Special Report
School & District Management Opinion

Young People as Change Agents: The Obama Foundation’s Approach to Civics Engagement

Creating the next generation of leaders requires inspiring young people to act
By David Simas — January 10, 2018 6 min read
BRIC ARCHIVE
  • Save to favorites
  • Print

Editor’s Note: This Commentary is part of a special report exploring game-changing trends and innovations that have the potential to shake up the schoolhouse. Read the full report: 10 Big Ideas in Education.

There is no playbook for what works when it comes to civic engagement. Some young people have a desire to make a difference—they want to make their world a better place, but aren’t sure where to begin. And some don’t see themselves as change agents or active citizens. The public square is too noisy or uncivil, or they don’t understand the power and value of their voice. Our goal at the Obama Foundation is to make active citizenship accessible to anyone, anywhere. President Barack Obama asked me to lead the Obama Foundation because we both recognize that civic engagement—the ability to connect and work with people all around the world regardless of our backgrounds—represents our best hope at solving some of the biggest challenges we face.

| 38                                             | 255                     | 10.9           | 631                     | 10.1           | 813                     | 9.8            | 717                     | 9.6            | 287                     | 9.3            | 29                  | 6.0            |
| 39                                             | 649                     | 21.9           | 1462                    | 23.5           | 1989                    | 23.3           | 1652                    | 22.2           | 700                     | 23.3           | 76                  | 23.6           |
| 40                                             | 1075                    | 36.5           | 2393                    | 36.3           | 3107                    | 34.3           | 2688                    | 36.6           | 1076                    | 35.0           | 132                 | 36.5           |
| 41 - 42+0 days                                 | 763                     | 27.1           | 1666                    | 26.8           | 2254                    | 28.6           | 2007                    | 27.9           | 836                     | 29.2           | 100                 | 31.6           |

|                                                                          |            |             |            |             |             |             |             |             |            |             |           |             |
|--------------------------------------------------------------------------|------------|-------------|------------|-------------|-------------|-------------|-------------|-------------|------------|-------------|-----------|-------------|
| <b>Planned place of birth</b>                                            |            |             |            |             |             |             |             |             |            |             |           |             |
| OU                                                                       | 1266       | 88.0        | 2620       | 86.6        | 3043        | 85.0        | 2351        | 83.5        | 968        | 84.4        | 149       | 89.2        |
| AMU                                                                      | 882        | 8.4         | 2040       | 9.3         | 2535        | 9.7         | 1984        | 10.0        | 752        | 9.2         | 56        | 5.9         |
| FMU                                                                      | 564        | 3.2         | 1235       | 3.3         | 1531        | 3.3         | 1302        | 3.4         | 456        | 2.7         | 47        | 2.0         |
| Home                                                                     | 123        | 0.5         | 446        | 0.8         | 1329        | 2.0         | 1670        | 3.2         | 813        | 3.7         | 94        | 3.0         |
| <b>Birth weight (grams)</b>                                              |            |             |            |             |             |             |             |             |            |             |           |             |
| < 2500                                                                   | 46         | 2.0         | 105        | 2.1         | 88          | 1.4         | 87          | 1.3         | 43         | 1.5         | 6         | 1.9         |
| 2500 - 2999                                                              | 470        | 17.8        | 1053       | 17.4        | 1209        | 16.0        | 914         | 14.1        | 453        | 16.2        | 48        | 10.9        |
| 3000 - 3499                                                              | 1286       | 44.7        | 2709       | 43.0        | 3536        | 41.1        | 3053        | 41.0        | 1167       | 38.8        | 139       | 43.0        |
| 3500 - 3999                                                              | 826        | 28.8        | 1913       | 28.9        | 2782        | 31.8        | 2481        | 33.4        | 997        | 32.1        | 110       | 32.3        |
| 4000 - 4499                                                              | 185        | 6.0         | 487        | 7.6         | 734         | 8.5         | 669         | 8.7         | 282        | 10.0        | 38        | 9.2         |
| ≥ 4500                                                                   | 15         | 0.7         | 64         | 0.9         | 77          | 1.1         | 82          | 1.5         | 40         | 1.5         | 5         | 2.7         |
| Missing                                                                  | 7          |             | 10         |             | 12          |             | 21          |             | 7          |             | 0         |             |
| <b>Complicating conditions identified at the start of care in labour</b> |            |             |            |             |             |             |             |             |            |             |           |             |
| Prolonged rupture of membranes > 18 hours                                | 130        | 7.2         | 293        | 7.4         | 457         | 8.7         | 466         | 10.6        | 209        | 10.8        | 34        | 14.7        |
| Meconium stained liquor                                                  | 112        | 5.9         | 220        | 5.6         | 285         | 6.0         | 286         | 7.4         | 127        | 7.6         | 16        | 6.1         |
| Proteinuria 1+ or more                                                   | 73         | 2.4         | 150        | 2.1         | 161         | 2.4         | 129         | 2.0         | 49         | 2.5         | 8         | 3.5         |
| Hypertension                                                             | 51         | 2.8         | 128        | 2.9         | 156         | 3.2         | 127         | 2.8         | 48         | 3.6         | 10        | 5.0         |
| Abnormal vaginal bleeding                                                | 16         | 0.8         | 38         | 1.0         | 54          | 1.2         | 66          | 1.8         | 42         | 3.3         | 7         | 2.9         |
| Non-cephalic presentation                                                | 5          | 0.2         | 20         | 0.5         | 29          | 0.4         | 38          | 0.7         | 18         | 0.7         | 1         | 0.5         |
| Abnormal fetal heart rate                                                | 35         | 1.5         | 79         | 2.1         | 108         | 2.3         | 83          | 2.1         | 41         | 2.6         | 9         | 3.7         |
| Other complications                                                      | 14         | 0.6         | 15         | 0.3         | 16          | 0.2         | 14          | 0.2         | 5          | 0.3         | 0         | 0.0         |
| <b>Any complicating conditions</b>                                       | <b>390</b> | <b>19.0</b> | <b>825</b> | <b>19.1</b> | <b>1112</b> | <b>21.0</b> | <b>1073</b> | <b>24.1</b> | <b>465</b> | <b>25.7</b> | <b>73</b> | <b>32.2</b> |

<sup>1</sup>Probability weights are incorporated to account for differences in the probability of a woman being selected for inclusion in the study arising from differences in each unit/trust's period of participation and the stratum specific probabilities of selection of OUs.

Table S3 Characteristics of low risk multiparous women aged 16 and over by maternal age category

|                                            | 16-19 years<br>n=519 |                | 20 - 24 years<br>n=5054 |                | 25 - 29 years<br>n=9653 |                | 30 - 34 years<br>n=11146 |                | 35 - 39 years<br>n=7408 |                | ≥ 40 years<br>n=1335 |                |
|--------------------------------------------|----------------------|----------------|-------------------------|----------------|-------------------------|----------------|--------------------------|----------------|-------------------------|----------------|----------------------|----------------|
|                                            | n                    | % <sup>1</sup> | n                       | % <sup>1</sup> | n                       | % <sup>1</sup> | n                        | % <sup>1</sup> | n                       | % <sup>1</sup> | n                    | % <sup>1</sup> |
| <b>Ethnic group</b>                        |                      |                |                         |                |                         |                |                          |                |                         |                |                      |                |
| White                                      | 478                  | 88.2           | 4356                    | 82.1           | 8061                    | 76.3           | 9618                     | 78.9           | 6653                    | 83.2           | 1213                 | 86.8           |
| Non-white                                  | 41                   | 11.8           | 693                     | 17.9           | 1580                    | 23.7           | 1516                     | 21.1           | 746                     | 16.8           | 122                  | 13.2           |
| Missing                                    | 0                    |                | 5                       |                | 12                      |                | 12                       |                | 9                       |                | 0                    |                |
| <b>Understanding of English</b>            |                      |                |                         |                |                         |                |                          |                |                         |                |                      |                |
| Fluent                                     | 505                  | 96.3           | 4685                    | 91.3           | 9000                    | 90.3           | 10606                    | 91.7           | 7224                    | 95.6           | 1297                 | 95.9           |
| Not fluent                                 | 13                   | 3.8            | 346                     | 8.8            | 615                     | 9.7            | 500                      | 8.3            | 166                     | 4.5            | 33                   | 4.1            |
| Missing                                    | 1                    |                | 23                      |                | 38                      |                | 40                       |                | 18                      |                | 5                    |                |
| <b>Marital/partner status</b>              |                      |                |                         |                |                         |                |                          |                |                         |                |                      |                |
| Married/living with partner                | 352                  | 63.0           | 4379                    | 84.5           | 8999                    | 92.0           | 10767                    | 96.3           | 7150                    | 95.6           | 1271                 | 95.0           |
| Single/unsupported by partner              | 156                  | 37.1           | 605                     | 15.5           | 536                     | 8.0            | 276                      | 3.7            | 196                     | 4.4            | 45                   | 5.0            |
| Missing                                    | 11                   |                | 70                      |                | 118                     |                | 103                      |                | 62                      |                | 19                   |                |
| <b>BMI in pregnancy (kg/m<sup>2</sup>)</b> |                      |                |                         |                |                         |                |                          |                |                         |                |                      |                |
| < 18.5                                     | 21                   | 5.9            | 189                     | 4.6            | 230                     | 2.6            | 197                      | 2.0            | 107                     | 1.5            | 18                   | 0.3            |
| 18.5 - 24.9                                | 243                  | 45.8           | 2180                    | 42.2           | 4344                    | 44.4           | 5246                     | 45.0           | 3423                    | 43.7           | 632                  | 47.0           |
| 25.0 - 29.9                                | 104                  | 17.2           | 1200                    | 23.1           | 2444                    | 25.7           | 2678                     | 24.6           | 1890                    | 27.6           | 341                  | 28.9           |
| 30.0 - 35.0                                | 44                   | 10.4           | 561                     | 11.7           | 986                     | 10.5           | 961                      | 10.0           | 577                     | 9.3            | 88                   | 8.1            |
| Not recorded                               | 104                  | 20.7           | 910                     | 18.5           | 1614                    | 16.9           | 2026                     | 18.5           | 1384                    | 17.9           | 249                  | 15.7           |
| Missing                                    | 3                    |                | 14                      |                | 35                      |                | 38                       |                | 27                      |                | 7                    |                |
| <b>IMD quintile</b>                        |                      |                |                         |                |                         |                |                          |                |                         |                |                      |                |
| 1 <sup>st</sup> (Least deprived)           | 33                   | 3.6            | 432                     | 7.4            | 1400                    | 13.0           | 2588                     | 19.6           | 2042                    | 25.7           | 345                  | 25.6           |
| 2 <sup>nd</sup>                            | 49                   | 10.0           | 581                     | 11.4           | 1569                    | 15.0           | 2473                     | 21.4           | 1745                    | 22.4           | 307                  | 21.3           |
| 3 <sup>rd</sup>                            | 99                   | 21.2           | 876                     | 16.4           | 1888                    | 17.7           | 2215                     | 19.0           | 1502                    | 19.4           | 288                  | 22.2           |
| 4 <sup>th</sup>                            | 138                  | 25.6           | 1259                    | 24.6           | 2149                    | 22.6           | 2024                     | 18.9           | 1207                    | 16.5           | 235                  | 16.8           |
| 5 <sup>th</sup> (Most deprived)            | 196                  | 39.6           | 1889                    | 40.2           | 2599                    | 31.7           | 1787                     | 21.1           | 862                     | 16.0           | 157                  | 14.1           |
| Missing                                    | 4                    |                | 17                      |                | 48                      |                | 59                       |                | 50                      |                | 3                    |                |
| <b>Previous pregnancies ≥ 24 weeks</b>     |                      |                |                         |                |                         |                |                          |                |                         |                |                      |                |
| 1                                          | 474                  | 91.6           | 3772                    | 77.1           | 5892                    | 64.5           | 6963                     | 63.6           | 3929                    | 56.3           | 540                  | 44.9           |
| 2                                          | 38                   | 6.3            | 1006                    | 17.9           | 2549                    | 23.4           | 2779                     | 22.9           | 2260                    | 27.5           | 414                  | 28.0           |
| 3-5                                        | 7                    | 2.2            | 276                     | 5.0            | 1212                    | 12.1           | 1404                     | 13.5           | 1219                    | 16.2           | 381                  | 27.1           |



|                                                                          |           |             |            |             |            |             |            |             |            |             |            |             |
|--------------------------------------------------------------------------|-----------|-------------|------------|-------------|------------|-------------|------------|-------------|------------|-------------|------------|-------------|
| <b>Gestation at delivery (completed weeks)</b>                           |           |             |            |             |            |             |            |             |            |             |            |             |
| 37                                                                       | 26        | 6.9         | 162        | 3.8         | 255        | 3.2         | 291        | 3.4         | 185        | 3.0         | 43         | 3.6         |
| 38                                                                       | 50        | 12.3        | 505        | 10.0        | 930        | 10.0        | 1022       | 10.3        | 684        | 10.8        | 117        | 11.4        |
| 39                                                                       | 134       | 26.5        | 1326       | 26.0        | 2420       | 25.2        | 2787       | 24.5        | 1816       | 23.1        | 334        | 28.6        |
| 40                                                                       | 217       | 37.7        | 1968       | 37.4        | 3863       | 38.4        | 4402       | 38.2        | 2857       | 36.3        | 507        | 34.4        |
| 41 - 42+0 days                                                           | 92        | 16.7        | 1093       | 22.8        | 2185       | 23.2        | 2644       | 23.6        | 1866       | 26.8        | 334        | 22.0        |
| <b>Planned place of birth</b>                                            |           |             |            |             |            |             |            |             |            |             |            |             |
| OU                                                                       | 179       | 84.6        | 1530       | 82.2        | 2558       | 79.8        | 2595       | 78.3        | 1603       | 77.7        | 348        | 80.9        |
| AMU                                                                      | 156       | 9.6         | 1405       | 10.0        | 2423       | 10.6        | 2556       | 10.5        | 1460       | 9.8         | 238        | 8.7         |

About the Author

David Simas is the CEO of the Obama Foundation. Based in Chicago, he joined the Obama Administration in 2009 as a deputy assistant to the president, served as the director of opinion research for President Barack Obama’s reelection in 2012, and worked in the White House as director of the office of political strategy and outreach during Obama’s second term.